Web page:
“The cussed, lyin’ old heathen,” exclaimed Jerry. “I wonder does he ‘spose I’m green enuff to swaller that story o’ his’n. It’s true enuff though, that they’ve got the youngsters, and it’s likely we kin git ’em agin, though I’ve always telled you, boys hain’t no bizness on the plains, no how.”
After long haggling and bargaining between Jerry and the Indian, the amount of ransom was agreed upon, and the brave rode off to bring the boys, while Jerry and I started for the train to procure the blankets, powder, brass wire, beads and tobacco, we were to give in exchange for them.
An hour or two later, two Indians appeared upon the summit of the high ground with the boys; then Jerry and I, with the goods, rode forward to make the exchange. This was soon effected, and they left us with profuse expressions of regard; although, from the haste displayed in removing their ill-gotten wealth, it was evident that they placed as little confidence in our honesty, as we did in theirs.
We were overjoyed to get the boys back safe and sound; and, though Jerry was disposed to grumble at the idea of having them along, in a trip across the plains, he was glad to listen to Ned’s explanation of the manner of their capture.
While they were watching the dogs, their ponies got frightened and ran away; when they discovered this, they also started for camp.
After it grew dark, they saw at a long distance from the road the light of a camp-fire. Thinking it ours, they started for it, and walked directly into the midst of a party of fifteen Comanches, who were as much surprised at seeing two youngsters armed with rifles coming into their midst, as they were frightened at finding themselves surrounded by naked, painted savages.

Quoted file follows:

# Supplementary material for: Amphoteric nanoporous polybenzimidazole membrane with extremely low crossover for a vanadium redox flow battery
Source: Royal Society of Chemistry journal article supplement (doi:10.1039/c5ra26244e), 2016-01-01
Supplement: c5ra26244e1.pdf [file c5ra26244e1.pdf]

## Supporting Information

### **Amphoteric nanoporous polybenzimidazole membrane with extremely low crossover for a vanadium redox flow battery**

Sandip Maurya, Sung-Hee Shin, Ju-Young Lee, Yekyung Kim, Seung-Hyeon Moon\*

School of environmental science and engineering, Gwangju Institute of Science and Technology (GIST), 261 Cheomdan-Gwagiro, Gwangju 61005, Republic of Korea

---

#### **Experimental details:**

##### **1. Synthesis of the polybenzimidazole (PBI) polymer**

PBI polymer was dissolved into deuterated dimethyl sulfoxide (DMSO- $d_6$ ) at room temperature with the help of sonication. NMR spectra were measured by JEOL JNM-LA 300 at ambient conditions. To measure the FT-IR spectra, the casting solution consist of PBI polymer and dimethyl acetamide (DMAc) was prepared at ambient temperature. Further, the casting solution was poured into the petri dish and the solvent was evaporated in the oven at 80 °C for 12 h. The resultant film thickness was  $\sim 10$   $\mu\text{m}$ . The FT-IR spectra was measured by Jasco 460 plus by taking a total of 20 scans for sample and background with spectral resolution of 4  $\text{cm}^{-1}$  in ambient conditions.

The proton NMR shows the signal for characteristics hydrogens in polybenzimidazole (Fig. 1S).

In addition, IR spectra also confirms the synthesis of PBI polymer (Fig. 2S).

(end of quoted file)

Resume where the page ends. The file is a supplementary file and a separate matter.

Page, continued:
The Comanches immediately took possession of their fire-arms, and stripped them of nearly all their clothing. Then they tried to ascertain where they came from, and how they had become separated from their party.
The boys told them, as well as they were able by signs, that they were lost, and that their friends would give a great many goods if they would show them the way back to our camp.
This seemed to please the Indians, who soon after, took a large kettle from off the fire and set it before them, motioning them to eat. The kettle held a stew of what they thought was antelope meat, so they ate heartily of it, for they were very hungry. When they had nearly satisfied their appetites, Hal fished up from the depths of the mess the fore-leg and foot of a dog. This was decidedly an unpleasant revelation, and both became very sick and vomited freely, to the great amusement of the Indians.
They were then placed under guard, and soon after fell asleep. In the morning they were rudely awakened and told to mount a pony, to which they were securely tied, so as to prevent any attempt to escape.
Many miles were travelled in this manner. The boys became anxious, and were endeavoring to prepare themselves for the worst, when, from the top of a high bluff, they saw us awaiting their arrival.